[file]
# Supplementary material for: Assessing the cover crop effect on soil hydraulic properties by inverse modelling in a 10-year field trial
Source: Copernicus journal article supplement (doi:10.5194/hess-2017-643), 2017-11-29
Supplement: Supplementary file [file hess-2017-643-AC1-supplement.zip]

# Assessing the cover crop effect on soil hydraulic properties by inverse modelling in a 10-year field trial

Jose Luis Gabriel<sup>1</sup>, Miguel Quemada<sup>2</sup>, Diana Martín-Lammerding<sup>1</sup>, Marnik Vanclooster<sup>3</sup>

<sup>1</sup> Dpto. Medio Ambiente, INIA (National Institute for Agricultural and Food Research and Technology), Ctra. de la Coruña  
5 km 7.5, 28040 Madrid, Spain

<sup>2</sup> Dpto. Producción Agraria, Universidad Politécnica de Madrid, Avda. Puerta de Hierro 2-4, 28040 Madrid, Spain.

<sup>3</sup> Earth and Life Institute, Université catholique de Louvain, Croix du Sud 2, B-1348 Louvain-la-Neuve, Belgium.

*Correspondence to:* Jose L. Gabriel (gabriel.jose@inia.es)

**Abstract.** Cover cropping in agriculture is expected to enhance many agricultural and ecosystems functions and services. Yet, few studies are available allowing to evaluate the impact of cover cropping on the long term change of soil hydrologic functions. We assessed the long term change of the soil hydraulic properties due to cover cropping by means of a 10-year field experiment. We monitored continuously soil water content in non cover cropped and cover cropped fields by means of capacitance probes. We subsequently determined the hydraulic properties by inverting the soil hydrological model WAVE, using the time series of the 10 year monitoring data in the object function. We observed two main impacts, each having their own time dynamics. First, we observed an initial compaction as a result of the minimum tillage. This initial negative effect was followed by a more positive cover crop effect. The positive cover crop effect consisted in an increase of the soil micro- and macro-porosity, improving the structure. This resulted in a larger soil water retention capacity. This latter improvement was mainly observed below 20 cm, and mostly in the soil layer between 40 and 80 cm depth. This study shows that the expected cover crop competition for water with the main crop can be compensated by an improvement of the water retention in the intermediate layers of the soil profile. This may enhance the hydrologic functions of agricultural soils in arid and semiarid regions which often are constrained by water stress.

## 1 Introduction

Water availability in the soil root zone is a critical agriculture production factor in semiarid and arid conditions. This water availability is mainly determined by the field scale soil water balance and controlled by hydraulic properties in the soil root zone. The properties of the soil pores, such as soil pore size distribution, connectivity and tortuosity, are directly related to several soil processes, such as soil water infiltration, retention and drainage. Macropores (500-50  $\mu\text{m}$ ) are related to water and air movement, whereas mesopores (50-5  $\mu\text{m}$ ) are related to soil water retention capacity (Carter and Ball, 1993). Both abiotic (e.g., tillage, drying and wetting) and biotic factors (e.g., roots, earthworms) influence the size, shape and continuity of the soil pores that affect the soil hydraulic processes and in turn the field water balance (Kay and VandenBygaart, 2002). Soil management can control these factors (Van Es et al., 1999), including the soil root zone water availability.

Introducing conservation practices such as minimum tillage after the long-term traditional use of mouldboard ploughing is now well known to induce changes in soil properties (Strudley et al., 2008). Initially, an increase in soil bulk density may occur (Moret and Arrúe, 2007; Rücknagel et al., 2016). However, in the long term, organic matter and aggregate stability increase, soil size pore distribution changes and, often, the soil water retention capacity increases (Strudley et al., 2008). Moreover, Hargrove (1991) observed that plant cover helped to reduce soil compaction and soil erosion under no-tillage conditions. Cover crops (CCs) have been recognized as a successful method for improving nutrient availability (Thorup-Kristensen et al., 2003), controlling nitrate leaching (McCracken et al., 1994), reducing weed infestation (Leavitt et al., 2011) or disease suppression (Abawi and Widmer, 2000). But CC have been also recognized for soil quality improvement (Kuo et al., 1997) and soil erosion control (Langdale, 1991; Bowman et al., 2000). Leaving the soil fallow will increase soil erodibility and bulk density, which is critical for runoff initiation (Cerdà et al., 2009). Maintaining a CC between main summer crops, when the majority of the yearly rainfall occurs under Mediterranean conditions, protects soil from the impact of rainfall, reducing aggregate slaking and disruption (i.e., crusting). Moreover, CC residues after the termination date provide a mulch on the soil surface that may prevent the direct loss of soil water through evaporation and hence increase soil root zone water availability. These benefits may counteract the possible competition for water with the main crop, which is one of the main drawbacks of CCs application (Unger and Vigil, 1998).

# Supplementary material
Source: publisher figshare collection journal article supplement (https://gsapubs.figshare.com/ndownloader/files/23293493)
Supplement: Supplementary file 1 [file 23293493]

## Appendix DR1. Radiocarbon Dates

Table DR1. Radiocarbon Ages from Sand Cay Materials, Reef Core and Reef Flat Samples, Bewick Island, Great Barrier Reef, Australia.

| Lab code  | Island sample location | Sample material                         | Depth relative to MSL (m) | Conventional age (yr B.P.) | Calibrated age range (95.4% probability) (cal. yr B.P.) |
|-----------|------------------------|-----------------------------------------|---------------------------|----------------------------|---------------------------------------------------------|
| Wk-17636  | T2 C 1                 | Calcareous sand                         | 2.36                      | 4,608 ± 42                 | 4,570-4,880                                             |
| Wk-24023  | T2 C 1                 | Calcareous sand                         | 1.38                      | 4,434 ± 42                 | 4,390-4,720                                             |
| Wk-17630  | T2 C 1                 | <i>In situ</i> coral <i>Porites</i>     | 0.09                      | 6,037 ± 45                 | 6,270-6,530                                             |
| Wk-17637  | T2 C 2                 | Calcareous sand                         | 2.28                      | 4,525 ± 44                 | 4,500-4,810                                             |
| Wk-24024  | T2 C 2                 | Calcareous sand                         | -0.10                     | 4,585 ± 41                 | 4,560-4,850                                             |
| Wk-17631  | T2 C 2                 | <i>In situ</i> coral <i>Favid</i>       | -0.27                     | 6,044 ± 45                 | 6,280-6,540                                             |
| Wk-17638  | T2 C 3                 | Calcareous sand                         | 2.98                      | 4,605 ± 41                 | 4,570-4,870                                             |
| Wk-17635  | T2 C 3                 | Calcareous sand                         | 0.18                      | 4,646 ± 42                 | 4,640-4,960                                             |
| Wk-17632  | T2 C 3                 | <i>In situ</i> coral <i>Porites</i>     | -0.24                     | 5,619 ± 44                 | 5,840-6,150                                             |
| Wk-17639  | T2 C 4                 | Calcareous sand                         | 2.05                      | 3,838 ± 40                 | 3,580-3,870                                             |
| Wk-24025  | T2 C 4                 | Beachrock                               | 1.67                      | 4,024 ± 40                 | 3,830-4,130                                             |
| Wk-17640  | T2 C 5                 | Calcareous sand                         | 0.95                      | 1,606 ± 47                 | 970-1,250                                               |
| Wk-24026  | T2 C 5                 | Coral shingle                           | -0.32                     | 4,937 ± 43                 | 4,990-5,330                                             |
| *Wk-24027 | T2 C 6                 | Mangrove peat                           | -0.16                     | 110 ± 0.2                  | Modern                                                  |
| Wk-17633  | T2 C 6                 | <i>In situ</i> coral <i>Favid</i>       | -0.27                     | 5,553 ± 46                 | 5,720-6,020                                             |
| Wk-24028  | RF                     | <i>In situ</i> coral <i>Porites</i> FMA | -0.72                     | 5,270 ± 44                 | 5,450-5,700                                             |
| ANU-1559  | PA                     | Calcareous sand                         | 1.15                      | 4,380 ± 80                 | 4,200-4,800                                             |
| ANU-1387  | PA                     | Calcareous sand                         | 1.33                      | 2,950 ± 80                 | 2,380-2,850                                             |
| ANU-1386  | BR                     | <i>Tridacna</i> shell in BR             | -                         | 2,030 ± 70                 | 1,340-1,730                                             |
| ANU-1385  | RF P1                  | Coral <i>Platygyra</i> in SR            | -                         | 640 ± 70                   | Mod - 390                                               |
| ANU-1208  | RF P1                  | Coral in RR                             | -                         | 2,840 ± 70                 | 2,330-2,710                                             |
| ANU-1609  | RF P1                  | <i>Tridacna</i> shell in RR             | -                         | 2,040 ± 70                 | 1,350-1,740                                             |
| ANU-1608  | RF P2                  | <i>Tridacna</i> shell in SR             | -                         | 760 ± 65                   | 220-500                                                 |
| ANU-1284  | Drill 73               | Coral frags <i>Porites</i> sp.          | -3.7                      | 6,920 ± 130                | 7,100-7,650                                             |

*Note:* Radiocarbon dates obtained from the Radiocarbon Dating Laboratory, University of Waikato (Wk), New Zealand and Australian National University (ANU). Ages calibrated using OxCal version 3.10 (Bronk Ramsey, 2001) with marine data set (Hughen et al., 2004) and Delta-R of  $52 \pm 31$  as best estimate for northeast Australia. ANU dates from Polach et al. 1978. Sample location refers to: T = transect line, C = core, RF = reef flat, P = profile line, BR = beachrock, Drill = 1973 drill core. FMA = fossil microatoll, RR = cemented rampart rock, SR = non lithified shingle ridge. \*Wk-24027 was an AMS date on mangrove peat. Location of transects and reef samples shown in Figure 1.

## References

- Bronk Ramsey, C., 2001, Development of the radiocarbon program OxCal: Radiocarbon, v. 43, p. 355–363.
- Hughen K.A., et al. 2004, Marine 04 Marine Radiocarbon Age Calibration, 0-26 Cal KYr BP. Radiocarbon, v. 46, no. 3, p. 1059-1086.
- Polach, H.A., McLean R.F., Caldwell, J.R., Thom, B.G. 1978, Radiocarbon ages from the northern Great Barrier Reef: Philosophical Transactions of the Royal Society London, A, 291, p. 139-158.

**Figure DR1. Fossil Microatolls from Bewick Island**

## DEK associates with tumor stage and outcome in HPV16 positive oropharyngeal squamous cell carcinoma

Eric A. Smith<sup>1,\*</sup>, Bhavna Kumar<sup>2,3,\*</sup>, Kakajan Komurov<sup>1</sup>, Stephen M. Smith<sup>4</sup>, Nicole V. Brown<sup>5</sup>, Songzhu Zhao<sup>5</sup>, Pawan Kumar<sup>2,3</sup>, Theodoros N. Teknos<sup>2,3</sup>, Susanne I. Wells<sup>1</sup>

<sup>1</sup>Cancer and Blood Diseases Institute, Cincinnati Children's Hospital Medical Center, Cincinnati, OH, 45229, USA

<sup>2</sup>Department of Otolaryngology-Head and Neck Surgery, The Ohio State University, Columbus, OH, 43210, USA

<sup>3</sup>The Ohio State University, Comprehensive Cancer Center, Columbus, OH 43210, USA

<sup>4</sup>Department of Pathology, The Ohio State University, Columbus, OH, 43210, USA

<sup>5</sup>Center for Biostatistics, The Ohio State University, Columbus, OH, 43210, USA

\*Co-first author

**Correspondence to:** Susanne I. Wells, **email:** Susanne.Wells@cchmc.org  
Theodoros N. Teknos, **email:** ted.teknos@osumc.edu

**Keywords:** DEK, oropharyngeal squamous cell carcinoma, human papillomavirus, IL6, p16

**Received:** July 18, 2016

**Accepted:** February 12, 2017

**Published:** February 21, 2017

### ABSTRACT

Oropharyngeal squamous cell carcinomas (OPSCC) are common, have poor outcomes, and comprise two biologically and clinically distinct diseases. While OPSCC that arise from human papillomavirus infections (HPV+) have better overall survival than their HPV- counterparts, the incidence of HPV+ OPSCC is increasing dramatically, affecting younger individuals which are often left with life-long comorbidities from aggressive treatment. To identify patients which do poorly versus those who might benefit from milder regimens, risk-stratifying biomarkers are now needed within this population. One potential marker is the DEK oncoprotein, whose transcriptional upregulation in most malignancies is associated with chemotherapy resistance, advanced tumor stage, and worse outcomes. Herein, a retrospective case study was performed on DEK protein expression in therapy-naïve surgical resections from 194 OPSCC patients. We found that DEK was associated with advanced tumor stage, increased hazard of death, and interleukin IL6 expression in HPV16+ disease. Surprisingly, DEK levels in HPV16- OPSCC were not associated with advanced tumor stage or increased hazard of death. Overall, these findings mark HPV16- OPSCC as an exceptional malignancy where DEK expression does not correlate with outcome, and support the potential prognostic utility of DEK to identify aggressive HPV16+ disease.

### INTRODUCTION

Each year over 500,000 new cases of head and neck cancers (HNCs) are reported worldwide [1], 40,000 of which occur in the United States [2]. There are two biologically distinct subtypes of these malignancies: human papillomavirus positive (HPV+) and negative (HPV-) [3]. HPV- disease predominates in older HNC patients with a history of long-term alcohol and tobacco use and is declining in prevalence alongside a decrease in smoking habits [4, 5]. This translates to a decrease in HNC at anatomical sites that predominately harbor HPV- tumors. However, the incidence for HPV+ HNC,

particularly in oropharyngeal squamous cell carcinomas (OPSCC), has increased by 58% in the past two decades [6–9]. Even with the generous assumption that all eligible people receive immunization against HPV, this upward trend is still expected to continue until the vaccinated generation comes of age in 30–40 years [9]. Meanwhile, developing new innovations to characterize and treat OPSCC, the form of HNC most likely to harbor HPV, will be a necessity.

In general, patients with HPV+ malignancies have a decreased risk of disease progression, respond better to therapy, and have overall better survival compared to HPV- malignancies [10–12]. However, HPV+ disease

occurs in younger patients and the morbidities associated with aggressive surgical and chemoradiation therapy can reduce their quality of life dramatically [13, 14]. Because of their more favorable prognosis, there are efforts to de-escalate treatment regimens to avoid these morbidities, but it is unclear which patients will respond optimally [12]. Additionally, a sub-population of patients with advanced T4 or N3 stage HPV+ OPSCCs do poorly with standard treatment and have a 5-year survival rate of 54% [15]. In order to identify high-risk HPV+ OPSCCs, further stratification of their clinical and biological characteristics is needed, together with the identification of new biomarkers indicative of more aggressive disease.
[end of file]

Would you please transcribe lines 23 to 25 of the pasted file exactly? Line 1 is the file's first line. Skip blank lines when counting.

| Wk-24023  | T2 C 1                 | Calcareous sand                         | 1.38                      | 4,434 ± 42                 | 4,390-4,720                                             |
| Wk-17630  | T2 C 1                 | <i>In situ</i> coral <i>Porites</i>     | 0.09                      | 6,037 ± 45                 | 6,270-6,530                                             |
| Wk-17637  | T2 C 2                 | Calcareous sand                         | 2.28                      | 4,525 ± 44                 | 4,500-4,810                                             |